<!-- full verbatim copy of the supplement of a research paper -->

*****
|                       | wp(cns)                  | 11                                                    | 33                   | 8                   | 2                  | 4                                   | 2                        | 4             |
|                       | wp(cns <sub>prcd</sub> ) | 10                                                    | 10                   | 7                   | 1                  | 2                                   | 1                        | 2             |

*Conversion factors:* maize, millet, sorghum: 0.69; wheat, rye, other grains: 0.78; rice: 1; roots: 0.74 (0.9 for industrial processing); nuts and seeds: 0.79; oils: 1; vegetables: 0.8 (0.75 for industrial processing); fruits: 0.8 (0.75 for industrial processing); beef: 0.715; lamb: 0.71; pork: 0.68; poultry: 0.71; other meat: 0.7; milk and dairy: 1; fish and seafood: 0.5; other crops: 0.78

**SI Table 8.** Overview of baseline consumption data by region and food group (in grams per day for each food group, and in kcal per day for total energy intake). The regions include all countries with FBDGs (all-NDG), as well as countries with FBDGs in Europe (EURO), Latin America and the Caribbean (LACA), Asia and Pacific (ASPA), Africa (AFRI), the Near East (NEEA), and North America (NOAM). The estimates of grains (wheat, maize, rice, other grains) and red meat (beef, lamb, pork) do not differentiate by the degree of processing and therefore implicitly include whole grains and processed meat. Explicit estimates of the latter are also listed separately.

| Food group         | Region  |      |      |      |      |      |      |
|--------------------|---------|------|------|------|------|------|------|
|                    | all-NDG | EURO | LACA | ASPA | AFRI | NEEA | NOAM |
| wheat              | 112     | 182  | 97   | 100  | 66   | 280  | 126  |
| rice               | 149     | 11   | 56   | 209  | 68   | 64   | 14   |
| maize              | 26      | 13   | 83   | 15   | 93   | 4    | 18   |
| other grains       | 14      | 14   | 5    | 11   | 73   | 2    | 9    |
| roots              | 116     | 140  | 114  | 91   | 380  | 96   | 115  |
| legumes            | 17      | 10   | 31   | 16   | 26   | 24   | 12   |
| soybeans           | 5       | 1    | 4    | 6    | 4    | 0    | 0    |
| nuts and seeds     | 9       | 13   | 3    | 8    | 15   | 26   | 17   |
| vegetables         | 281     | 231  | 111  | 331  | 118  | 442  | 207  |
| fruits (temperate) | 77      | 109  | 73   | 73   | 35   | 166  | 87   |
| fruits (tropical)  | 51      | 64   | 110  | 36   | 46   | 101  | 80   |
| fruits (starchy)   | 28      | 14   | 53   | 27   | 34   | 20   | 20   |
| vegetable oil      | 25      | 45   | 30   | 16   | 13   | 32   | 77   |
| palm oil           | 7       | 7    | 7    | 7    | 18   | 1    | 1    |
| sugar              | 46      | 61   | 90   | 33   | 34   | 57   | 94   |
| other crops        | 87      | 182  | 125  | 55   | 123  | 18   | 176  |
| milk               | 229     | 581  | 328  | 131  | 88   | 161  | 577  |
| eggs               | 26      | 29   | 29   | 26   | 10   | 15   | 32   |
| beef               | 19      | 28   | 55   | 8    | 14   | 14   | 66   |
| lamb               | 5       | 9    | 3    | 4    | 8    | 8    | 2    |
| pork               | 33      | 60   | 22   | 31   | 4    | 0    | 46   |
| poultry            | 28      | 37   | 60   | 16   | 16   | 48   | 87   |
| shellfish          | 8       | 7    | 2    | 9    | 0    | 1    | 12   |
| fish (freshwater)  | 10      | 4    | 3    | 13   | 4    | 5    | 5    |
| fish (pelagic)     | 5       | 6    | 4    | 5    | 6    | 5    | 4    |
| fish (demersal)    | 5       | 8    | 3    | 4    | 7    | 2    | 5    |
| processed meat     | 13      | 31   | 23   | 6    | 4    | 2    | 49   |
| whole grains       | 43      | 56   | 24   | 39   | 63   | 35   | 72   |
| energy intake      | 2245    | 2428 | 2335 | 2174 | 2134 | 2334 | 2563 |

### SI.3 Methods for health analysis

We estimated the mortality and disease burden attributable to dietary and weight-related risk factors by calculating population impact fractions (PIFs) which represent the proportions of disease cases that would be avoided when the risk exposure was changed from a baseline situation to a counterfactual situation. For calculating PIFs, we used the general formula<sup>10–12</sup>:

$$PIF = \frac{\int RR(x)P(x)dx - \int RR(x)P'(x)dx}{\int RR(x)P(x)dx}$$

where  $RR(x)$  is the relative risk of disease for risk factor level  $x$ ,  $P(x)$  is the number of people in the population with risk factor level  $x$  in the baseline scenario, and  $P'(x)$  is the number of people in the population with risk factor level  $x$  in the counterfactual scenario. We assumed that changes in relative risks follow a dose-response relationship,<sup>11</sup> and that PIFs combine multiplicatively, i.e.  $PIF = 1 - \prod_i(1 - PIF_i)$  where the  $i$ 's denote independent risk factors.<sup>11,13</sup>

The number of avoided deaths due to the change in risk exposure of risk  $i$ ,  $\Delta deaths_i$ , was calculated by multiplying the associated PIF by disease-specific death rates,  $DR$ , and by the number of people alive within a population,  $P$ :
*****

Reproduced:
|                       | wp(cns)                  | 11                                                    | 33                   | 8                   | 2                  | 4                                   | 2                        | 4             |
|                       | wp(cns <sub>prcd</sub> ) | 10                                                    | 10                   | 7                   | 1                  | 2                                   | 1                        | 2             |

*Conversion factors:* maize, millet, sorghum: 0.69; wheat, rye, other grains: 0.78; rice: 1; roots: 0.74 (0.9 for industrial processing); nuts and seeds: 0.79; oils: 1; vegetables: 0.8 (0.75 for industrial processing); fruits: 0.8 (0.75 for industrial processing); beef: 0.715; lamb: 0.71; pork: 0.68; poultry: 0.71; other meat: 0.7; milk and dairy: 1; fish and seafood: 0.5; other crops: 0.78

**SI Table 8.** Overview of baseline consumption data by region and food group (in grams per day for each food group, and in kcal per day for total energy intake). The regions include all countries with FBDGs (all-NDG), as well as countries with FBDGs in Europe (EURO), Latin America and the Caribbean (LACA), Asia and Pacific (ASPA), Africa (AFRI), the Near East (NEEA), and North America (NOAM). The estimates of grains (wheat, maize, rice, other grains) and red meat (beef, lamb, pork) do not differentiate by the degree of processing and therefore implicitly include whole grains and processed meat. Explicit estimates of the latter are also listed separately.

| Food group         | Region  |      |      |      |      |      |      |
|--------------------|---------|------|------|------|------|------|------|
|                    | all-NDG | EURO | LACA | ASPA | AFRI | NEEA | NOAM |
| wheat              | 112     | 182  | 97   | 100  | 66   | 280  | 126  |
| rice               | 149     | 11   | 56   | 209  | 68   | 64   | 14   |
| maize              | 26      | 13   | 83   | 15   | 93   | 4    | 18   |
| other grains       | 14      | 14   | 5    | 11   | 73   | 2    | 9    |
| roots              | 116     | 140  | 114  | 91   | 380  | 96   | 115  |
| legumes            | 17      | 10   | 31   | 16   | 26   | 24   | 12   |
| soybeans           | 5       | 1    | 4    | 6    | 4    | 0    | 0    |
| nuts and seeds     | 9       | 13   | 3    | 8    | 15   | 26   | 17   |
| vegetables         | 281     | 231  | 111  | 331  | 118  | 442  | 207  |
| fruits (temperate) | 77      | 109  | 73   | 73   | 35   | 166  | 87   |
| fruits (tropical)  | 51      | 64   | 110  | 36   | 46   | 101  | 80   |
| fruits (starchy)   | 28      | 14   | 53   | 27   | 34   | 20   | 20   |
| vegetable oil      | 25      | 45   | 30   | 16   | 13   | 32   | 77   |
| palm oil           | 7       | 7    | 7    | 7    | 18   | 1    | 1    |
| sugar              | 46      | 61   | 90   | 33   | 34   | 57   | 94   |
| other crops        | 87      | 182  | 125  | 55   | 123  | 18   | 176  |
| milk               | 229     | 581  | 328  | 131  | 88   | 161  | 577  |
| eggs               | 26      | 29   | 29   | 26   | 10   | 15   | 32   |
| beef               | 19      | 28   | 55   | 8    | 14   | 14   | 66   |
| lamb               | 5       | 9    | 3    | 4    | 8    | 8    | 2    |
| pork               | 33      | 60   | 22   | 31   | 4    | 0    | 46   |
| poultry            | 28      | 37   | 60   | 16   | 16   | 48   | 87   |
| shellfish          | 8       | 7    | 2    | 9    | 0    | 1    | 12   |
| fish (freshwater)  | 10      | 4    | 3    | 13   | 4    | 5    | 5    |
| fish (pelagic)     | 5       | 6    | 4    | 5    | 6    | 5    | 4    |
| fish (demersal)    | 5       | 8    | 3    | 4    | 7    | 2    | 5    |
| processed meat     | 13      | 31   | 23   | 6    | 4    | 2    | 49   |
| whole grains       | 43      | 56   | 24   | 39   | 63   | 35   | 72   |
| energy intake      | 2245    | 2428 | 2335 | 2174 | 2134 | 2334 | 2563 |

### SI.3 Methods for health analysis

We estimated the mortality and disease burden attributable to dietary and weight-related risk factors by calculating population impact fractions (PIFs) which represent the proportions of disease cases that would be avoided when the risk exposure was changed from a baseline situation to a counterfactual situation. For calculating PIFs, we used the general formula<sup>10–12</sup>:

$$PIF = \frac{\int RR(x)P(x)dx - \int RR(x)P'(x)dx}{\int RR(x)P(x)dx}$$

where  $RR(x)$  is the relative risk of disease for risk factor level  $x$ ,  $P(x)$  is the number of people in the population with risk factor level  $x$  in the baseline scenario, and  $P'(x)$  is the number of people in the population with risk factor level  $x$  in the counterfactual scenario. We assumed that changes in relative risks follow a dose-response relationship,<sup>11</sup> and that PIFs combine multiplicatively, i.e.  $PIF = 1 - \prod_i(1 - PIF_i)$  where the  $i$ 's denote independent risk factors.<sup>11,13</sup>

The number of avoided deaths due to the change in risk exposure of risk  $i$ ,  $\Delta deaths_i$ , was calculated by multiplying the associated PIF by disease-specific death rates,  $DR$ , and by the number of people alive within a population,  $P$ :